As a marriage and family scholar and a husband married more than 24 years, it is clear to me (as I’m sure it is to so many of you) that there are more activities and distractions clamoring for our time and attention today than ever before.

Don’t get me wrong. Work and sleep are critically important and consume about two-thirds of our day, on average. So is eating, shopping, housework, leisure, hobbies and time with children.

As a result, all too often our spouse gets what I call the “leftovers.” A tired, stressed and overwhelmed person who wants to relax and watch TV or scroll on their phone — alone, with the TV on.

Related
Amy Iverson: How much phone usage is healthy? It may depend on your generation

Reliable recent data is difficult to find, but one large study from 2010 shows that the average amount of exclusive couple time alone together (without kids or others) is a mere 44 minutes per day. And I’ve seen some suggest it’s lower than that — between 20-30 minutes.

In the 12 years since that study, the number of cellphone owners has skyrocketed. Among other things, this has led to an increase in what some have called “alone-together” time. That is, being in the same house, but not in the presence of one another.

Related
Too many of us are using our phones to avoid people

And I’m afraid that we’re now spending much of our few minutes together in the same room, even the same bed, but on cellphones getting caught up on what’s happening in other people’s lives while our own marriage suffers from relation dehydration.

I used to believe that love was spelled T-I-M-E, but now I’m convinced that one of the greatest gifts you can give your spouse is your attention. Your all-in undivided attention. No phone, no TV, and no mind-wandering (or at least bringing your mind back when it does wander!).

What is the primary culprit of distraction and disconnection? It’s called Technoference — a term coined by my friend and colleague Brandon McDaniel. This is essentially the interference in relationships and interaction from any type of technology — phones, tablets, computers, TV, etc.

I decided to do my own research to see what spouses really think about the role technology and cellphones play in their family relationships. Specifically, how technology interferes with two of the most important spaces for couple interaction and connection — in beds and at meal-time tables. 

Related
How is using your cellphone at a restaurant connected with relationship satisfaction?

I surveyed 631 parents across the United States between the ages of 21 and 60 and asked several questions related to technoference. Here’s a few things I found:

  • 88% agree that technoference is a big problem in our society, with 62% of those surveyed admitting that it is a big problem in their family, and 70% reporting that technology interrupts family time at least occasionally.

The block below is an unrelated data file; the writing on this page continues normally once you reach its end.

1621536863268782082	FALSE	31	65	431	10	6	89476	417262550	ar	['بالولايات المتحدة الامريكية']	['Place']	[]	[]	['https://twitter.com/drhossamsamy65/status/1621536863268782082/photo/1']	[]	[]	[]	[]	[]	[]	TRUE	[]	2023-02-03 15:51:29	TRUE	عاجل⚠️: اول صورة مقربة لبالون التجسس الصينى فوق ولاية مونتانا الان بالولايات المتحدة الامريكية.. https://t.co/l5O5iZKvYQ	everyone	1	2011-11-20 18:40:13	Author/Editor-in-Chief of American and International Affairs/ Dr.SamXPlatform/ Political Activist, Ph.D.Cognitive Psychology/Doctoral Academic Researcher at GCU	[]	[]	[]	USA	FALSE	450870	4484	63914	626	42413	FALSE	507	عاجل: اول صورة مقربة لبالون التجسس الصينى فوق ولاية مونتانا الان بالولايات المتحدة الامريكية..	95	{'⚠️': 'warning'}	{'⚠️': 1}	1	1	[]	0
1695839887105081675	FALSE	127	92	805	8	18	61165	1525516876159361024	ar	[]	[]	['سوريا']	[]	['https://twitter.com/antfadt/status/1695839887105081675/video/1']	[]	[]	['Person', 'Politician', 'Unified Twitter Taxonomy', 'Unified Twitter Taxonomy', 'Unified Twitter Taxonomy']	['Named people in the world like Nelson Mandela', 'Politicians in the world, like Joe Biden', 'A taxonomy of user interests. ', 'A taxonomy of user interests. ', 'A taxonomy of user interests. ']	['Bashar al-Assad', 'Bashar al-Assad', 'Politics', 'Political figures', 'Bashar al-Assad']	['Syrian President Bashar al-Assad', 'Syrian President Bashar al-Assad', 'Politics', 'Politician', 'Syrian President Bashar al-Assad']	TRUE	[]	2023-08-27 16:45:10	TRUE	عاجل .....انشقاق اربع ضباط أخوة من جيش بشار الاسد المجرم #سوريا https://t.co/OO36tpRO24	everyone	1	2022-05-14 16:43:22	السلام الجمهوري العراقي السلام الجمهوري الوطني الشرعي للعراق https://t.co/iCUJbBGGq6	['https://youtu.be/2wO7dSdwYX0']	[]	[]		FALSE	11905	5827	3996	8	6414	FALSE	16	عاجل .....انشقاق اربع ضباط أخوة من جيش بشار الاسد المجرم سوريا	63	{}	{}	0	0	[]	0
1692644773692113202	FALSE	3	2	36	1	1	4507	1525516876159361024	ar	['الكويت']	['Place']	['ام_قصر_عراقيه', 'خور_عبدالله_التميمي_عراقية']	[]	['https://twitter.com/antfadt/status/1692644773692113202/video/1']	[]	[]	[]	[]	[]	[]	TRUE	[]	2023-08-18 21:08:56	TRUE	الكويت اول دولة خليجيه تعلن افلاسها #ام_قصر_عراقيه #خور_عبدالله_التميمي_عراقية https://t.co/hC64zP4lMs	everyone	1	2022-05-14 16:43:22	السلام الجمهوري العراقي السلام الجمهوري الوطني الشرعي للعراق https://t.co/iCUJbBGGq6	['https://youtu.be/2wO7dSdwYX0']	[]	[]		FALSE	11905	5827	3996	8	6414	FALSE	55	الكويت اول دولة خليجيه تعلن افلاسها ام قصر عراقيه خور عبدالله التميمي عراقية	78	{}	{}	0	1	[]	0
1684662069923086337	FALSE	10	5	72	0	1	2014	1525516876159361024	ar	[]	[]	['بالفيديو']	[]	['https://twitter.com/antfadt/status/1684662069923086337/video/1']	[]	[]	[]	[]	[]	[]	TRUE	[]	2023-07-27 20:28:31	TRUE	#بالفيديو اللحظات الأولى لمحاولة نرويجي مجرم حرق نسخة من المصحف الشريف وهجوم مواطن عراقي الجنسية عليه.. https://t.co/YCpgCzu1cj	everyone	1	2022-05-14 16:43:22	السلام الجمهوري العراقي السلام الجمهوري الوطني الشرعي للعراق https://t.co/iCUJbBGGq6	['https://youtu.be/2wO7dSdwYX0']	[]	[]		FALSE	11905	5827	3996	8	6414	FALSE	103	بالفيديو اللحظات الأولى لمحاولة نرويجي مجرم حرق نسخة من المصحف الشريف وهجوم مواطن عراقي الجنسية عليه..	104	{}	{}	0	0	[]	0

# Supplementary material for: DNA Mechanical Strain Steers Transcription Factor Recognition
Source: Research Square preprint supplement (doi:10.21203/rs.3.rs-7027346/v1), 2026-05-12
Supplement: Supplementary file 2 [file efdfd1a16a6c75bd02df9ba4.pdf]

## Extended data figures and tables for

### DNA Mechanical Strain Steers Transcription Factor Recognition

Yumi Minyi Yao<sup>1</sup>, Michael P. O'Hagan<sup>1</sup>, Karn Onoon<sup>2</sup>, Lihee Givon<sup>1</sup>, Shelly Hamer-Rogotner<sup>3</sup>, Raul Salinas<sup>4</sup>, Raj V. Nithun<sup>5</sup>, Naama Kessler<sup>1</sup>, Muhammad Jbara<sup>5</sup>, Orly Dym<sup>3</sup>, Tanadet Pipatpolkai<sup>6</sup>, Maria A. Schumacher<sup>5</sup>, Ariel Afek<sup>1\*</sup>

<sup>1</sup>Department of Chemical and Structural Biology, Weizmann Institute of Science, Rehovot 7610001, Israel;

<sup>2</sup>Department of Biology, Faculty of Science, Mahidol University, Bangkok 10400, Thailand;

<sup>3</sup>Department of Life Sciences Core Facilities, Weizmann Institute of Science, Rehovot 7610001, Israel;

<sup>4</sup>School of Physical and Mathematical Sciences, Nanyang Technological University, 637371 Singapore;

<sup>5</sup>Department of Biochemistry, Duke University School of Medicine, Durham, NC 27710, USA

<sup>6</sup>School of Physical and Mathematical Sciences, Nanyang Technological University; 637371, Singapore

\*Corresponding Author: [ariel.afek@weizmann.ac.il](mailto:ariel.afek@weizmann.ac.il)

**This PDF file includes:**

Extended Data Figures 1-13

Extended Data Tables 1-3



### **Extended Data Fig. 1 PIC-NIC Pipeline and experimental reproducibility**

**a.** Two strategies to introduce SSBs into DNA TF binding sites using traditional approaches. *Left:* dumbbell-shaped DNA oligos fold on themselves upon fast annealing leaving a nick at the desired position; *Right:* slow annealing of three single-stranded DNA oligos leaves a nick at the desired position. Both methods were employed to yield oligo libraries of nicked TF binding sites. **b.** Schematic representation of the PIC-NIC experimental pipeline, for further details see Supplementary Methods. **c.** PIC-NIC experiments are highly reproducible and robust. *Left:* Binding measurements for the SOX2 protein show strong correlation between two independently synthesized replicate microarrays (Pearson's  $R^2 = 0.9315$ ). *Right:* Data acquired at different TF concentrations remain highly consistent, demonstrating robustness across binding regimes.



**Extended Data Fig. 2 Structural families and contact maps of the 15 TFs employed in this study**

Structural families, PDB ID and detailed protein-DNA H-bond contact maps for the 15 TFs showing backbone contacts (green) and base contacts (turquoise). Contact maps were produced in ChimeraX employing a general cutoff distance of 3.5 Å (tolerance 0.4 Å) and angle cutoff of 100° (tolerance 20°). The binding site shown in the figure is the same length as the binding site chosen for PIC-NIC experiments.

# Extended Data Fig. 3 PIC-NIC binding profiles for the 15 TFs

• 45% likewise consider technology a big problem in their marriage. 
  • More than one-third (36%) use technology in their bed every night or almost every night. Even more (43.4%) report that their spouse/partner uses technology in bed almost/every night. That may be why 24% feel like their partner’s use of technology in bed interferes with their sexual relationship
  • More than half (55%) feel like their spouse/partner spends too much time on their cellphone and 48% wish their significant other would spend less time on their cellphone and more time with their children.
  • 53% believe they are on their cellphone too much while 59% believe their spouse/partner is on their cellphone too much.
  • Nearly 4 out of 10 (38%) adults admit to using technology at least occasionally while eating at home with family members. This only drops slightly to about 35% who report using technology while eating at a restaurant with their spouse/partner at least occasionally.
Related
The average person spends more than 8 hours a day using technology, study says

In other words, across nearly every question I asked, there were surprisingly high levels of technology use. Among other things, all this technoference adds up to significantly less time spent together as a couple, less satisfaction and connection, and higher levels of both depression and anxiety

So what do we do?

We start by kicking technology out of our beds and off of our tables (including at restaurants). Those can be considered sacred spaces for connection.

We can also learn to give intentional and mindful awareness to the urges to check our phones. We can learn to feel it but not follow it. 

I’m also not a fan of double screens. That means watching TV while scrolling on your phone. Watching a movie with your family? Put your phone down or leave it in another room. Be “all-in” with who you are with and what you are doing.

Related
Computers are replacing therapists. What could go wrong?
Why kids’ screen time might be a smaller problem than you think — and parents’ might be a bigger one

In my opinion, the six greatest gifts you can give your spouse are your love, time, attention, affection, appreciation and forgiveness. How are we going to do any of that while our minds and hearts are directed somewhere else? 

So, I’m throwing down the gauntlet to you. Are you ready to take the dare? Then do whatever it takes to invest more of your 44 minutes each day with these dear ones in your life and less with people you don’t know (and will never know) via your phone.

David Schramm is a marriage and family scholar at Utah State University

David Schramm, Ph.D., is an associate professor at Utah State University specializing in marriage and family studies.